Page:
VA Aid & Attendance Pension Guide for 2019

Introduction

Wartime veterans and their surviving spouses, 65 years and older, may be entitled to a tax-free benefit called “Aid and Attendance” provided by the U.S. Department of Veteran Affairs. It is not required that you were in combat or even a war zone; only that you served during a period of wartime.

Eligible Periods of Wartime are as follows:

1. World War II (December 7, 1941 – December 31, 1946)

2. Korean conflict (June 27, 1950 – January 31, 1955)

3. Pre-Vietnam era (February 28, 1961 – August 5, 1964) (actually in Vietnam)

4. Vietnam era (August 5, 1964 – May 7, 1975)

5. Gulf War (August 2, 1990 – through a future date to be set by law or Presidential Proclamation)

The VA Aid and Attendance Benefit has various nicknames: VA Enhanced Pension, VA Improved Pension, VA A&A Pension, VA Special Pension, and VA Special Monthly Pension. They all refer to the same thing: the Aid and Attendance benefit.

The Aid & Attendance benefit is designed to provide a stream of income to help offset the cost of medical expenses for veterans that can, with the counsel of our firm, demonstrate a need for assistance with the daily living activities.[1]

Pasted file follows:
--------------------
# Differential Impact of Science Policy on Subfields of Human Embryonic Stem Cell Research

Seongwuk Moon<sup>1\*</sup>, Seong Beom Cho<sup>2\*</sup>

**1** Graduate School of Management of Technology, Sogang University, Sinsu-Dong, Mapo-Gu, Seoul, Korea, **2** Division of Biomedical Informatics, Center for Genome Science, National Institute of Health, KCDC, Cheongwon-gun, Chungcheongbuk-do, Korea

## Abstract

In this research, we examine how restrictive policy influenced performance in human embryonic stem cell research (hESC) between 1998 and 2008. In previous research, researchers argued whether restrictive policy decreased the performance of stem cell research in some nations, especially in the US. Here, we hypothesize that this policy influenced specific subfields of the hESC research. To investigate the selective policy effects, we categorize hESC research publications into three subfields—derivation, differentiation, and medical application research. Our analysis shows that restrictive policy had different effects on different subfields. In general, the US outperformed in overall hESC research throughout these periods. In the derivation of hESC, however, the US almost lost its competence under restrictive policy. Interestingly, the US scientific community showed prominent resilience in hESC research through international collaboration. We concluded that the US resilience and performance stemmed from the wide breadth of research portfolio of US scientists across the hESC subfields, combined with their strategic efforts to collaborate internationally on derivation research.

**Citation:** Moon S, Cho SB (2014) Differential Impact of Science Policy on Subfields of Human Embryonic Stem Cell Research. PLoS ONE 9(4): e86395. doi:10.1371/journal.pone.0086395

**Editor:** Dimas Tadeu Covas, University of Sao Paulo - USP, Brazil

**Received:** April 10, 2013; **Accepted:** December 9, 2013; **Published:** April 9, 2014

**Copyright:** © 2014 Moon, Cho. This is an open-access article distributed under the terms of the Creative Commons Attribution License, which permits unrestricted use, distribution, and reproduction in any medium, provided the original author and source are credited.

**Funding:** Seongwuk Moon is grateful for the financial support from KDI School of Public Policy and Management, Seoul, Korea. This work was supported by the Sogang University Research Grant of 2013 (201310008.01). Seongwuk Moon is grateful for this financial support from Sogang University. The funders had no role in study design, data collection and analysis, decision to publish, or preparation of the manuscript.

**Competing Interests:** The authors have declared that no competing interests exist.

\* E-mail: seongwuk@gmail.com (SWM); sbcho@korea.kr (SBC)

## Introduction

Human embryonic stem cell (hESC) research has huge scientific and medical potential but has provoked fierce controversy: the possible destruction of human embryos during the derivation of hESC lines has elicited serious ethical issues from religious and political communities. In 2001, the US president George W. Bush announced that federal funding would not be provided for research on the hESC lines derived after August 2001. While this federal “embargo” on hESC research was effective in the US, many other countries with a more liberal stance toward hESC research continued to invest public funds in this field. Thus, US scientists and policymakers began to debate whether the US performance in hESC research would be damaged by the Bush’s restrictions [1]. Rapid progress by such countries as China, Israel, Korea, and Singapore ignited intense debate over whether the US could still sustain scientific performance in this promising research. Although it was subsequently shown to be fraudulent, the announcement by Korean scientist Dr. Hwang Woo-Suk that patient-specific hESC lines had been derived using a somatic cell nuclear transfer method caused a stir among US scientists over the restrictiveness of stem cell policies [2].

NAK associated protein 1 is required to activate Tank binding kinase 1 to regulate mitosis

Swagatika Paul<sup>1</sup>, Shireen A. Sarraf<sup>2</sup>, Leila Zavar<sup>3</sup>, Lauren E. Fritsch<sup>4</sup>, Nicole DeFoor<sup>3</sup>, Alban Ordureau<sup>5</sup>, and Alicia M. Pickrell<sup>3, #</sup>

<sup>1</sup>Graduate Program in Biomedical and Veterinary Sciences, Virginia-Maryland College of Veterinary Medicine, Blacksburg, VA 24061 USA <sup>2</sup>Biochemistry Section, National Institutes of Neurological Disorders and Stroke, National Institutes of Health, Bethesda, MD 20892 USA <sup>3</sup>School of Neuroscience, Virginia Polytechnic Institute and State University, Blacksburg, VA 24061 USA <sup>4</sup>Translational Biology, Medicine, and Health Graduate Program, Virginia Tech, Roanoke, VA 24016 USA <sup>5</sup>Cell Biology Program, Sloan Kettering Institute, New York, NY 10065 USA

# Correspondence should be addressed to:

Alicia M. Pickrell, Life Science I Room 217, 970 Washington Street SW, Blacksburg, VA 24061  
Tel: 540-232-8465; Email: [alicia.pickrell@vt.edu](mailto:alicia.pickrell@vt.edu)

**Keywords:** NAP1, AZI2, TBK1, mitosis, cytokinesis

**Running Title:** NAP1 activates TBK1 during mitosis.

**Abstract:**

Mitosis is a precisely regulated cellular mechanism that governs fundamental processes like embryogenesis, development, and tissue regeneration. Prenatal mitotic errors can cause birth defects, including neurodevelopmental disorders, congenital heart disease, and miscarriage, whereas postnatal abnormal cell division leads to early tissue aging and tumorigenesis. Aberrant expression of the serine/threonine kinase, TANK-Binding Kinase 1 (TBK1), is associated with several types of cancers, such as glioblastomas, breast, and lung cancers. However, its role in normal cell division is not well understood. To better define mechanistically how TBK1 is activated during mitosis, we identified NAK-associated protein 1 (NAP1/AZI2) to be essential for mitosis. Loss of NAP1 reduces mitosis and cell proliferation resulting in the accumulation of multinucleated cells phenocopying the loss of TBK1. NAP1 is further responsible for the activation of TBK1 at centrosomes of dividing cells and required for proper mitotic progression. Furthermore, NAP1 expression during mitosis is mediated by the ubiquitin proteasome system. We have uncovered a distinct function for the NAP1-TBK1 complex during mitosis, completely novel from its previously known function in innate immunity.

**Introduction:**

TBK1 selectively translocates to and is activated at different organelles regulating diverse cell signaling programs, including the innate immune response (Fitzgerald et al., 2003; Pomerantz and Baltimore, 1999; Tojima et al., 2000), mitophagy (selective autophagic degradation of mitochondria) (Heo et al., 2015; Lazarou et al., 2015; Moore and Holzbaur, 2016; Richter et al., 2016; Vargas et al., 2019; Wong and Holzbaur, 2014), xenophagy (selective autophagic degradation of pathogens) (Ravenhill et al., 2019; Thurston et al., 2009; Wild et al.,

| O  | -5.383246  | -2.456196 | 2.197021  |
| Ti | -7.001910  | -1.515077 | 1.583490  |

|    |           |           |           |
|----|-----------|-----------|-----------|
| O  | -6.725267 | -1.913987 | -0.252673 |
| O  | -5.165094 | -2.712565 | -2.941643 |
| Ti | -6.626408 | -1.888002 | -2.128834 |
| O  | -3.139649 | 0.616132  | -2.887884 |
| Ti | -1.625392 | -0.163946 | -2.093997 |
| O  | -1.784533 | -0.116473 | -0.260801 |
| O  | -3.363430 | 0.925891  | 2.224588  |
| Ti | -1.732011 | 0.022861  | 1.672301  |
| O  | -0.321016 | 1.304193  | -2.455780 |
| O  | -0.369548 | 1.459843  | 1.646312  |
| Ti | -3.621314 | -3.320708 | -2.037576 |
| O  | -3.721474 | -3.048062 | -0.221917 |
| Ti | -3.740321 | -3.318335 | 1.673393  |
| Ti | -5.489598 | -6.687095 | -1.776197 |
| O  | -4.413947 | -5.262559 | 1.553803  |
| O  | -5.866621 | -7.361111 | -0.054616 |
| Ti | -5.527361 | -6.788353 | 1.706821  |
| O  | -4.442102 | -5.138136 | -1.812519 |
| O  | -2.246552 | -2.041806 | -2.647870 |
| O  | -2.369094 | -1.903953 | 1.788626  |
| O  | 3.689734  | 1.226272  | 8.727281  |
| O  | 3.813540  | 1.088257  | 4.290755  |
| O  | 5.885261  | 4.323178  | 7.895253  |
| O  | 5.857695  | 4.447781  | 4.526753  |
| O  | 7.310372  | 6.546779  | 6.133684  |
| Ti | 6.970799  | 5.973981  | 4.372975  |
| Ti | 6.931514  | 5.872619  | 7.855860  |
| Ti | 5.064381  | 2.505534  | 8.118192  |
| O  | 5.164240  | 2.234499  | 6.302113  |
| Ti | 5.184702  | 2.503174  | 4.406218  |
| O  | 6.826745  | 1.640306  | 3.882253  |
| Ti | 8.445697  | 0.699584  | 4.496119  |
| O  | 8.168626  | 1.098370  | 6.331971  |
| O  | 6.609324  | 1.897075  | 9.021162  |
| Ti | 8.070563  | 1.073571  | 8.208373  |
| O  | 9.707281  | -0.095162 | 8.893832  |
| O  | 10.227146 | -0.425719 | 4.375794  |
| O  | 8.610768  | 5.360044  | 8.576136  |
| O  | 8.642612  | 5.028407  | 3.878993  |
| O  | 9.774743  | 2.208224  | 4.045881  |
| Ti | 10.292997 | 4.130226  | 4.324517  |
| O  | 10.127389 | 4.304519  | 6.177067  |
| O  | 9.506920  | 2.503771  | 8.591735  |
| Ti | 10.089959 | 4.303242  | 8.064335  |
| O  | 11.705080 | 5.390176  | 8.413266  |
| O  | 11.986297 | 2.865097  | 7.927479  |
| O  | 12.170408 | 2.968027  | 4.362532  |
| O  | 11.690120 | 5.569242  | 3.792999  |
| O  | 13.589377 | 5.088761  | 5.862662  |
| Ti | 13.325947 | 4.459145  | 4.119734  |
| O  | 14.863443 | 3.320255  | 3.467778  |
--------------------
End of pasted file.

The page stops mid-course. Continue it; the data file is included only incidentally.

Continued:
The attorneys at Castro & Co. are dedicated to advising and planning for war-era veterans and their spouses to qualify for this benefit.

If you are a veteran age 65 or older, the surviving spouse of such a veteran, served during eligible periods of wartime as explained above, and may now or in the future require assistance with daily living activities, you need to contact our firm today to schedule a free consultation.

Warning

This article is written for attorneys and VA claims professionals. It will analyze the law very thoroughly with citations to case law, statutes, and regulations. It will also discuss complex areas of law that even most attorneys are unfamiliar with. It is recommended that, if you are a veteran, you contact us to schedule a free consultation. Nevertheless, if you wish to be diligent to ensure you never fall victim to a scam by other companies engaging in improper planning, we encourage you to continue reading.

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Brief Overview

The U.S. Department of Veteran Affairs (VA) pensions provide a monthly stream of income for war-era veterans (including surviving spouses) if they meet the VA’s rules regarding net worth and annual income. It is perfectly lawful to arrange your affairs in a manner designed to qualify you for these pension benefits. However, the difference between our law firm and others is that we engage in lawful rearranging of your assets and income to legitimately qualify you for these pension benefits by ensuring your medical needs are more clearly reflected.